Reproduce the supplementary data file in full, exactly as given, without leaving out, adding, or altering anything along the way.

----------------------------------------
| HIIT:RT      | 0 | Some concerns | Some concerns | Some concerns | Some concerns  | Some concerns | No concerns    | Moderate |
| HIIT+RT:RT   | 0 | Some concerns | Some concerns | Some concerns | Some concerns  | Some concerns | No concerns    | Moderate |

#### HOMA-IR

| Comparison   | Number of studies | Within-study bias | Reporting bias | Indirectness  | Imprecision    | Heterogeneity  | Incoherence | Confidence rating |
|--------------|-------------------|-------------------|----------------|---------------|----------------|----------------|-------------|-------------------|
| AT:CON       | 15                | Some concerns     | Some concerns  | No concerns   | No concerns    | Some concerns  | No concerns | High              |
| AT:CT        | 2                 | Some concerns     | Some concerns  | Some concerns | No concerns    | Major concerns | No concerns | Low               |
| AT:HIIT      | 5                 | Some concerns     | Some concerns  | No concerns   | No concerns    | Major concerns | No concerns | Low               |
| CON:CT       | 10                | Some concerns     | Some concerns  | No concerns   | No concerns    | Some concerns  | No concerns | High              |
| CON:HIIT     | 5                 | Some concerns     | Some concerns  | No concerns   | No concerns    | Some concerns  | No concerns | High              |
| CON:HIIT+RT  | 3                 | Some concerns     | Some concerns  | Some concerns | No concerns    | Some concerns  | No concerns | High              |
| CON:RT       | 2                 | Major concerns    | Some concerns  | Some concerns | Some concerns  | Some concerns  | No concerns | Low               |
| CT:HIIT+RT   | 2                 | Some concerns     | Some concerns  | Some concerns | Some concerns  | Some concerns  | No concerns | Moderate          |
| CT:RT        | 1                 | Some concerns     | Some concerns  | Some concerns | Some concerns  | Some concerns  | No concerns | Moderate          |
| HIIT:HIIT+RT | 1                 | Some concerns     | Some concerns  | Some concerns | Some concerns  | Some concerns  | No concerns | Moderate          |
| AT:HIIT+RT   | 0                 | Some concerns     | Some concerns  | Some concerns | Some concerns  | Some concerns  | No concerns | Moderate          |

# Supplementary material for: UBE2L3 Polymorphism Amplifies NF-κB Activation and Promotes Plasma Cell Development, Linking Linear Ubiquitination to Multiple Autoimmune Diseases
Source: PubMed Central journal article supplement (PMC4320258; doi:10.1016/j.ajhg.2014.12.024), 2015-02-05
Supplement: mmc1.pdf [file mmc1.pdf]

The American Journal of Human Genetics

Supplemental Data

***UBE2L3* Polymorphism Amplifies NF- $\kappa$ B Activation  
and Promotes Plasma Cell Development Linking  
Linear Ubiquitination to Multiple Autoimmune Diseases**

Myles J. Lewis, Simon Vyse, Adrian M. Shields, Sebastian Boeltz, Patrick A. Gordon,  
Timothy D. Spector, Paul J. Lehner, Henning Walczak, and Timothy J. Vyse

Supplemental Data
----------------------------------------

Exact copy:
| HIIT:RT      | 0 | Some concerns | Some concerns | Some concerns | Some concerns  | Some concerns | No concerns    | Moderate |
| HIIT+RT:RT   | 0 | Some concerns | Some concerns | Some concerns | Some concerns  | Some concerns | No concerns    | Moderate |

#### HOMA-IR

| Comparison   | Number of studies | Within-study bias | Reporting bias | Indirectness  | Imprecision    | Heterogeneity  | Incoherence | Confidence rating |
|--------------|-------------------|-------------------|----------------|---------------|----------------|----------------|-------------|-------------------|
| AT:CON       | 15                | Some concerns     | Some concerns  | No concerns   | No concerns    | Some concerns  | No concerns | High              |
| AT:CT        | 2                 | Some concerns     | Some concerns  | Some concerns | No concerns    | Major concerns | No concerns | Low               |
| AT:HIIT      | 5                 | Some concerns     | Some concerns  | No concerns   | No concerns    | Major concerns | No concerns | Low               |
| CON:CT       | 10                | Some concerns     | Some concerns  | No concerns   | No concerns    | Some concerns  | No concerns | High              |
| CON:HIIT     | 5                 | Some concerns     | Some concerns  | No concerns   | No concerns    | Some concerns  | No concerns | High              |
| CON:HIIT+RT  | 3                 | Some concerns     | Some concerns  | Some concerns | No concerns    | Some concerns  | No concerns | High              |
| CON:RT       | 2                 | Major concerns    | Some concerns  | Some concerns | Some concerns  | Some concerns  | No concerns | Low               |
| CT:HIIT+RT   | 2                 | Some concerns     | Some concerns  | Some concerns | Some concerns  | Some concerns  | No concerns | Moderate          |
| CT:RT        | 1                 | Some concerns     | Some concerns  | Some concerns | Some concerns  | Some concerns  | No concerns | Moderate          |
| HIIT:HIIT+RT | 1                 | Some concerns     | Some concerns  | Some concerns | Some concerns  | Some concerns  | No concerns | Moderate          |
| AT:HIIT+RT   | 0                 | Some concerns     | Some concerns  | Some concerns | Some concerns  | Some concerns  | No concerns | Moderate          |

# Supplementary material for: UBE2L3 Polymorphism Amplifies NF-κB Activation and Promotes Plasma Cell Development, Linking Linear Ubiquitination to Multiple Autoimmune Diseases
Source: PubMed Central journal article supplement (PMC4320258; doi:10.1016/j.ajhg.2014.12.024), 2015-02-05
Supplement: mmc1.pdf [file mmc1.pdf]

The American Journal of Human Genetics

Supplemental Data

***UBE2L3* Polymorphism Amplifies NF- $\kappa$ B Activation  
and Promotes Plasma Cell Development Linking  
Linear Ubiquitination to Multiple Autoimmune Diseases**

Myles J. Lewis, Simon Vyse, Adrian M. Shields, Sebastian Boeltz, Patrick A. Gordon,  
Timothy D. Spector, Paul J. Lehner, Henning Walczak, and Timothy J. Vyse

Supplemental Data